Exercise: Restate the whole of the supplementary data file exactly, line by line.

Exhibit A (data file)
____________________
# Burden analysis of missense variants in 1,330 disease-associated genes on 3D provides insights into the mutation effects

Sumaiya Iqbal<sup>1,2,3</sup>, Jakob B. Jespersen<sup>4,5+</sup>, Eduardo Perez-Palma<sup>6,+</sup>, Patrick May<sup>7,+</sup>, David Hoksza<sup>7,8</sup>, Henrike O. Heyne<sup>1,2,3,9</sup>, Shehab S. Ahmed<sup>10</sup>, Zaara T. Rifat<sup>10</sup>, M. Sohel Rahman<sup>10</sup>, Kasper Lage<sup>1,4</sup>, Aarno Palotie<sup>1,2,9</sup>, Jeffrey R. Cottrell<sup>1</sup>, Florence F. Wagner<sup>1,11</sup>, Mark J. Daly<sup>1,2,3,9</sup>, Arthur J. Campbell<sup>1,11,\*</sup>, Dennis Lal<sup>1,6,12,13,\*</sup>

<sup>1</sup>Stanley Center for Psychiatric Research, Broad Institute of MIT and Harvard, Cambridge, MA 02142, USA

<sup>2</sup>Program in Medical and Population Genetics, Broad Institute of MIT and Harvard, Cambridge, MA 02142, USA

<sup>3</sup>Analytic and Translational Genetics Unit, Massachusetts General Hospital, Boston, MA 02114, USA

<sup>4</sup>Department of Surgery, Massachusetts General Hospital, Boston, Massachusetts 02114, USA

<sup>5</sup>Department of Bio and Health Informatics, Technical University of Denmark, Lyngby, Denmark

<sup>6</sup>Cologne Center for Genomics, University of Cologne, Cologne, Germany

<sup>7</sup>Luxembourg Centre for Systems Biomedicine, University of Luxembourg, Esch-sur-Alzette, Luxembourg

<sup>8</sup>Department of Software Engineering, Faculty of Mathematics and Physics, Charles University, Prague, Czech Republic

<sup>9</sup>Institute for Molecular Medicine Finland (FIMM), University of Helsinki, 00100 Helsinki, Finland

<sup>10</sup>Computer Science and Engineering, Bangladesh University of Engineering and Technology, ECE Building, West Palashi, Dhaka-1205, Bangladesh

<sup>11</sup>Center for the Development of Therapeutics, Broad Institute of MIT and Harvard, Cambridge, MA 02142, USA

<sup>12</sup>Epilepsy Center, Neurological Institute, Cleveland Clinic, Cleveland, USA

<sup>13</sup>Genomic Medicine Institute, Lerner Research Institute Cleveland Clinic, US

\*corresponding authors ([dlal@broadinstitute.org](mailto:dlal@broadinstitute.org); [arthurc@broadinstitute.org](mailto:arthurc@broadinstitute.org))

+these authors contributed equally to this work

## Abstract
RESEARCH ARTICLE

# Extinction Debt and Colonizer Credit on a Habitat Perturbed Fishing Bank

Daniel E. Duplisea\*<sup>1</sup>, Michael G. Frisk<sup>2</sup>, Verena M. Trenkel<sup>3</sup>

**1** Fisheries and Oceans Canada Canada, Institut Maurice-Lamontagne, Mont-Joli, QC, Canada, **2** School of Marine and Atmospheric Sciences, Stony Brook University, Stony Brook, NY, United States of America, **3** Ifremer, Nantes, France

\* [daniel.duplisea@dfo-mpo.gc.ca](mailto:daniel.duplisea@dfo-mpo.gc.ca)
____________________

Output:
# Burden analysis of missense variants in 1,330 disease-associated genes on 3D provides insights into the mutation effects

Sumaiya Iqbal<sup>1,2,3</sup>, Jakob B. Jespersen<sup>4,5+</sup>, Eduardo Perez-Palma<sup>6,+</sup>, Patrick May<sup>7,+</sup>, David Hoksza<sup>7,8</sup>, Henrike O. Heyne<sup>1,2,3,9</sup>, Shehab S. Ahmed<sup>10</sup>, Zaara T. Rifat<sup>10</sup>, M. Sohel Rahman<sup>10</sup>, Kasper Lage<sup>1,4</sup>, Aarno Palotie<sup>1,2,9</sup>, Jeffrey R. Cottrell<sup>1</sup>, Florence F. Wagner<sup>1,11</sup>, Mark J. Daly<sup>1,2,3,9</sup>, Arthur J. Campbell<sup>1,11,\*</sup>, Dennis Lal<sup>1,6,12,13,\*</sup>

<sup>1</sup>Stanley Center for Psychiatric Research, Broad Institute of MIT and Harvard, Cambridge, MA 02142, USA

<sup>2</sup>Program in Medical and Population Genetics, Broad Institute of MIT and Harvard, Cambridge, MA 02142, USA

<sup>3</sup>Analytic and Translational Genetics Unit, Massachusetts General Hospital, Boston, MA 02114, USA

<sup>4</sup>Department of Surgery, Massachusetts General Hospital, Boston, Massachusetts 02114, USA

<sup>5</sup>Department of Bio and Health Informatics, Technical University of Denmark, Lyngby, Denmark

<sup>6</sup>Cologne Center for Genomics, University of Cologne, Cologne, Germany

<sup>7</sup>Luxembourg Centre for Systems Biomedicine, University of Luxembourg, Esch-sur-Alzette, Luxembourg

<sup>8</sup>Department of Software Engineering, Faculty of Mathematics and Physics, Charles University, Prague, Czech Republic

<sup>9</sup>Institute for Molecular Medicine Finland (FIMM), University of Helsinki, 00100 Helsinki, Finland

<sup>10</sup>Computer Science and Engineering, Bangladesh University of Engineering and Technology, ECE Building, West Palashi, Dhaka-1205, Bangladesh

<sup>11</sup>Center for the Development of Therapeutics, Broad Institute of MIT and Harvard, Cambridge, MA 02142, USA

<sup>12</sup>Epilepsy Center, Neurological Institute, Cleveland Clinic, Cleveland, USA

<sup>13</sup>Genomic Medicine Institute, Lerner Research Institute Cleveland Clinic, US

\*corresponding authors ([dlal@broadinstitute.org](mailto:dlal@broadinstitute.org); [arthurc@broadinstitute.org](mailto:arthurc@broadinstitute.org))

+these authors contributed equally to this work

## Abstract
RESEARCH ARTICLE

# Extinction Debt and Colonizer Credit on a Habitat Perturbed Fishing Bank

Daniel E. Duplisea\*<sup>1</sup>, Michael G. Frisk<sup>2</sup>, Verena M. Trenkel<sup>3</sup>

**1** Fisheries and Oceans Canada Canada, Institut Maurice-Lamontagne, Mont-Joli, QC, Canada, **2** School of Marine and Atmospheric Sciences, Stony Brook University, Stony Brook, NY, United States of America, **3** Ifremer, Nantes, France

\* [daniel.duplisea@dfo-mpo.gc.ca](mailto:daniel.duplisea@dfo-mpo.gc.ca)